The smaller roles were all finely done, acutely avoiding caricature and seamlessly forming part of the dynamic and dramatic ensemble. Filipa van Eck and Marianne Croux made a fine pairing as Mercedes and Frasquita, creating a neat double act whilst differentiating the characters and forming a fine foil for Goldman's Carmen. Tiago Matos and Christophe Poncet de Solages caught the operetta elements of Le Dancaire and le Remendado but made it a characterful double act which never fell into hackneyed comedy. Grigory Soloviov was a handsome but dim Zuniga, whilst Toby Girling created a character out of very little with Morales.

The chorus was almost a character in its own right singing with unforced enthusiasm and engaging charm, whilst creating a very vivid dramatic atmosphere thanks to Arden and Parker's extensive movement plot. The performance took advantage of the youth of the singers to project with lively engagement.

In the pit, Jean-Luc Tingaud brought a real sense of style, drawing some nicely sophisticated performances from the Bournemouth Symphony Orchestra whilst never pushing the piece too far in the direction of either operetta or grand tragedy.

The sound design rather favoured the spoken narrators too much so that Kossoko and Munyevu seemed to be operating in a different aural world to the rest of the cast. A more naturalistic balance might have made their contributions less intrusive.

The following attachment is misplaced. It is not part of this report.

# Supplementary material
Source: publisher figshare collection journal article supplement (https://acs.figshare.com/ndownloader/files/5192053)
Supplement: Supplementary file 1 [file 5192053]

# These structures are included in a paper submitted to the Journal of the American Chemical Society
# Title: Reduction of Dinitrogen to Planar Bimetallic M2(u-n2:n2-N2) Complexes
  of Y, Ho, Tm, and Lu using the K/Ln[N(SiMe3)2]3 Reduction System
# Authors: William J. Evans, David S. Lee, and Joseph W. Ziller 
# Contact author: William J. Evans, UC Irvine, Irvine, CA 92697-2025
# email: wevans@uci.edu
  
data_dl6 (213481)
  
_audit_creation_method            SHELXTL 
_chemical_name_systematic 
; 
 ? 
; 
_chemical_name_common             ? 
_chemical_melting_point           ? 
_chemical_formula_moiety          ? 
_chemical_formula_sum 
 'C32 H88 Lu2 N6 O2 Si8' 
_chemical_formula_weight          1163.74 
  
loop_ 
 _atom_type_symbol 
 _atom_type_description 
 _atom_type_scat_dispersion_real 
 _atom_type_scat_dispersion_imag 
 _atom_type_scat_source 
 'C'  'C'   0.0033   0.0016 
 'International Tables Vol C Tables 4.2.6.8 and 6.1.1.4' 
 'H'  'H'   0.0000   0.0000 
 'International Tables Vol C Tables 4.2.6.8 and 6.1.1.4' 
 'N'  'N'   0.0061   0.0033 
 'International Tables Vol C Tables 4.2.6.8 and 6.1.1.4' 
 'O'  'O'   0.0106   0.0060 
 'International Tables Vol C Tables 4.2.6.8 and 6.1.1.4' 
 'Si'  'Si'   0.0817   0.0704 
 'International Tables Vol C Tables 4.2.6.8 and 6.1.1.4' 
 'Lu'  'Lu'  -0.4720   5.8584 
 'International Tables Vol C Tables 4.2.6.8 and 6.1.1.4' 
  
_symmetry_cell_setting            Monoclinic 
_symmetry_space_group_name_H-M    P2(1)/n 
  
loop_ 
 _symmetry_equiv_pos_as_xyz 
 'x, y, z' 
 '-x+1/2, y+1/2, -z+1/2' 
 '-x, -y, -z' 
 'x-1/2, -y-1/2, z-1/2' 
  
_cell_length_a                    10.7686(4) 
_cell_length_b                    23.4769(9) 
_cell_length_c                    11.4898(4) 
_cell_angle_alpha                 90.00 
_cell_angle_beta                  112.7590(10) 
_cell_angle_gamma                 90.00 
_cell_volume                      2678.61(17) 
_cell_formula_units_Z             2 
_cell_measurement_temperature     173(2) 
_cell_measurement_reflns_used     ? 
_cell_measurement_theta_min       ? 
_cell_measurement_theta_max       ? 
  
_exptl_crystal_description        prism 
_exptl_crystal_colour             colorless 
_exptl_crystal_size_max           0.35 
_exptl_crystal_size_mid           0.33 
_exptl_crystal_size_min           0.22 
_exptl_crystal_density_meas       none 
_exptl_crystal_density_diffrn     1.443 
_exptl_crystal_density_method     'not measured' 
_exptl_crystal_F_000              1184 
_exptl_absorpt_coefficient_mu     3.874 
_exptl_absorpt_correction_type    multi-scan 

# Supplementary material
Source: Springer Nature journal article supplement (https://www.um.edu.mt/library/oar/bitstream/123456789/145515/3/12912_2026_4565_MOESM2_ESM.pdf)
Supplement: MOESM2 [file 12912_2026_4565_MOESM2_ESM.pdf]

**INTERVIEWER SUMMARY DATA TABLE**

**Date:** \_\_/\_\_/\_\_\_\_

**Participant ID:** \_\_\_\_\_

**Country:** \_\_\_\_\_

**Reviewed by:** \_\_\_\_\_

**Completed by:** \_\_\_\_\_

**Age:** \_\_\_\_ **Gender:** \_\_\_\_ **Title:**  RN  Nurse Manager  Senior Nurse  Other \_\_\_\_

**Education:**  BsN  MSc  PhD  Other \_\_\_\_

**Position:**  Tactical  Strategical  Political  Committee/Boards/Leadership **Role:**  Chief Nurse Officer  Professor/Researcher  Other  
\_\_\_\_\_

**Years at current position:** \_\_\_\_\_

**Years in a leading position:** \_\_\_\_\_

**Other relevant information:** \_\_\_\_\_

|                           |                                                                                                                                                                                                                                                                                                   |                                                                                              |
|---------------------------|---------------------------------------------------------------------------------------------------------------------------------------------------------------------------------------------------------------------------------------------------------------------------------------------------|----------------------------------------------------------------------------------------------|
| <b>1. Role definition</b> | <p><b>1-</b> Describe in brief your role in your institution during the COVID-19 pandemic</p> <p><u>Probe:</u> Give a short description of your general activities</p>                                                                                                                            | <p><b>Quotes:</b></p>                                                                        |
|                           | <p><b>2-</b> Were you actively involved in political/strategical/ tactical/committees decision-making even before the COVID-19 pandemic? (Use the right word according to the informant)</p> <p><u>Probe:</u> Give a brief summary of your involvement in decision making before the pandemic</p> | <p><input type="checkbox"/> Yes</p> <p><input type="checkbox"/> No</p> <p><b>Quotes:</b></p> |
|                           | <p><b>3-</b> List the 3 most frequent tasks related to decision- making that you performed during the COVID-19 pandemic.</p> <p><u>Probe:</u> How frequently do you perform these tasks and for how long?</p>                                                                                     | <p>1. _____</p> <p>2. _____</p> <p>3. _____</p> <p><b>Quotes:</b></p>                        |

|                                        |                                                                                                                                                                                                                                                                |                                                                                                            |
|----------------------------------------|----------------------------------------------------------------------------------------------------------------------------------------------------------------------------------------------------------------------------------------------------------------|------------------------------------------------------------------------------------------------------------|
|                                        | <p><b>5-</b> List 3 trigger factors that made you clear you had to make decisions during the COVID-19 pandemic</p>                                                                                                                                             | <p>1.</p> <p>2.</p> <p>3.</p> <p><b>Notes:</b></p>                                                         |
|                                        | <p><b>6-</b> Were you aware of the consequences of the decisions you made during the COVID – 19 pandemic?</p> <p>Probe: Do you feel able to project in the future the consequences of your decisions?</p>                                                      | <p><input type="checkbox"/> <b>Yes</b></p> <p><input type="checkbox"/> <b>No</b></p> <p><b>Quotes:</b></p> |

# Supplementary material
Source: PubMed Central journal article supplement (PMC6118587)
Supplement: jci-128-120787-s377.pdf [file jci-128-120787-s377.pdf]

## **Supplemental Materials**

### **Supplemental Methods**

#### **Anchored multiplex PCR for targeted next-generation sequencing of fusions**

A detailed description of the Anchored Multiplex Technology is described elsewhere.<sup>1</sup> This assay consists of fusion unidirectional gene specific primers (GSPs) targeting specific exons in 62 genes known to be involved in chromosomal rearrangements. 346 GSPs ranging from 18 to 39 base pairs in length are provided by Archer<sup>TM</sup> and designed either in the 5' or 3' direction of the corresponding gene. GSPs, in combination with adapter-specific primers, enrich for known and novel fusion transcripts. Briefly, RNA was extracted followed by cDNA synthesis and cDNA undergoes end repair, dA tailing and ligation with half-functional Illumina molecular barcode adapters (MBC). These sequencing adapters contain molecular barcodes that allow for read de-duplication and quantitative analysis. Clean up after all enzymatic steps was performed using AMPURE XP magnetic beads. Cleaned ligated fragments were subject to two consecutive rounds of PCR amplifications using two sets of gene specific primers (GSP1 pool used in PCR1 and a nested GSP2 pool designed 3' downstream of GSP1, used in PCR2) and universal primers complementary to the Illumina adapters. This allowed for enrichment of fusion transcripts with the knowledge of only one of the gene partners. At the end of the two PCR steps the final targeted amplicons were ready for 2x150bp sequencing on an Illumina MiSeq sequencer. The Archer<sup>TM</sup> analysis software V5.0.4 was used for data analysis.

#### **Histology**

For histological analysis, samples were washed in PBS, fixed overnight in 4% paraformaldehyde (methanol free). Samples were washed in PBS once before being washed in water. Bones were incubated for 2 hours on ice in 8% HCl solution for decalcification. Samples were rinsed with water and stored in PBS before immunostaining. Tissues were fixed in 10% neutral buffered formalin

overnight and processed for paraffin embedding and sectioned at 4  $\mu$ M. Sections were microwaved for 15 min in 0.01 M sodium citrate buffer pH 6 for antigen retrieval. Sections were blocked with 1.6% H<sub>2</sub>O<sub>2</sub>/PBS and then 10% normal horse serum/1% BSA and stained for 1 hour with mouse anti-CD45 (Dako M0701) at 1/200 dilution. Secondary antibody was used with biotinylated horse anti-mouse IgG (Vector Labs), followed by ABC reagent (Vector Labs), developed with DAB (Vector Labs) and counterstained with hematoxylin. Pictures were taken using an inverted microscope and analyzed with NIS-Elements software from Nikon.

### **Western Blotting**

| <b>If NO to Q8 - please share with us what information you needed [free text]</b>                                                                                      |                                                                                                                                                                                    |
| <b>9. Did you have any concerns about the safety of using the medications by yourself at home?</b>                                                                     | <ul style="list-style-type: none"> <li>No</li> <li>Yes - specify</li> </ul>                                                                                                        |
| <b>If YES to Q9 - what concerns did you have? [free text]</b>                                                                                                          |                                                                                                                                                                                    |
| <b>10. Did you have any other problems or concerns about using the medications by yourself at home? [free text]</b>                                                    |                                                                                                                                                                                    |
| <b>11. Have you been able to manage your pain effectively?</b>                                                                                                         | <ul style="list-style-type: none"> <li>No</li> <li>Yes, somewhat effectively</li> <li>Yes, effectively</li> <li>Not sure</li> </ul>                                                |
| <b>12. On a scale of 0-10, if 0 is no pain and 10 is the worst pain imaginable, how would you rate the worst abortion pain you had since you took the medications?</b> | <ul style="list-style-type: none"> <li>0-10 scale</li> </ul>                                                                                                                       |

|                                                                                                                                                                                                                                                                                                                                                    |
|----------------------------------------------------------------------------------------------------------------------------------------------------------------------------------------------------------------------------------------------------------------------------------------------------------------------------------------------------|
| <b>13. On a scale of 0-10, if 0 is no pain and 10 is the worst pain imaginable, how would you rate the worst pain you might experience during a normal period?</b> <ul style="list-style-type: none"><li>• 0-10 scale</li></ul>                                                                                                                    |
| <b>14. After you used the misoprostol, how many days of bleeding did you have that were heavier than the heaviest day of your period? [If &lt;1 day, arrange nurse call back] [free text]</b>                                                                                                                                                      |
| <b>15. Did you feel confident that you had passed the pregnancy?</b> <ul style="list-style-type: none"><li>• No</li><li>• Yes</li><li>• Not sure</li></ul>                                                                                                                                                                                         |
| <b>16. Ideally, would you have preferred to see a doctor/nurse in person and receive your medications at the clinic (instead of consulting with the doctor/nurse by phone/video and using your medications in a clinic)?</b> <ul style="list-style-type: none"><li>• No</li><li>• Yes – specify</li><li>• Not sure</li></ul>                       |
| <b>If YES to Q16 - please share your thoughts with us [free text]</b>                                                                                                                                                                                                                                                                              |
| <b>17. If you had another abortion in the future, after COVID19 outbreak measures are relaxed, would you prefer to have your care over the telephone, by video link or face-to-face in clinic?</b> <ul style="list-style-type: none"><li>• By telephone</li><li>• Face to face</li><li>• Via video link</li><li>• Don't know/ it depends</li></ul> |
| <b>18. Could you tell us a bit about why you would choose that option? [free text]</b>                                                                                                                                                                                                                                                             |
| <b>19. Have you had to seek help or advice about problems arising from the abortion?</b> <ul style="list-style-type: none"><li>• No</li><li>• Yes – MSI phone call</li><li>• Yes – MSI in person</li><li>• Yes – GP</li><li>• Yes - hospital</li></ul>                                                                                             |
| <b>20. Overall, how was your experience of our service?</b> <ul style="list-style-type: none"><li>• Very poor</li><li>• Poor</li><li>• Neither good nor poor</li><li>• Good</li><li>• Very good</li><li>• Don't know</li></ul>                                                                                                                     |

Ultimately this was quite a dark production, which respected Bizet's overall drama but brought light and shade by respecting the style and character of the music. Arden drew vivid performances from all of her ensemble, and whilst I was less enamoured of the idea of using the narrators, I cannot fault the performers for the vividness of the engagement and the strong sense of style.

Robert Hugill

Bizet: Carmen

The Grange Festival, 11 June 2017

Director: Annabel Arden, designer: Joanna Parker

Conductor: Jean-Luc Tingau, Bournemouth Symphony Orchestra

Carmen: Na’ama Goldman, Don Jose: Leonardo Capalbo, Micaela: Shelley Jackson, Escamillo: Phillip Rhodes, Mercedes: Filipa van Eck, Frasquita: Marianne Croux, Dancaire: Tiago Matos, Remendado: Christophe Poncet de Solage, Zuniga: Gregory Siloviov, Mora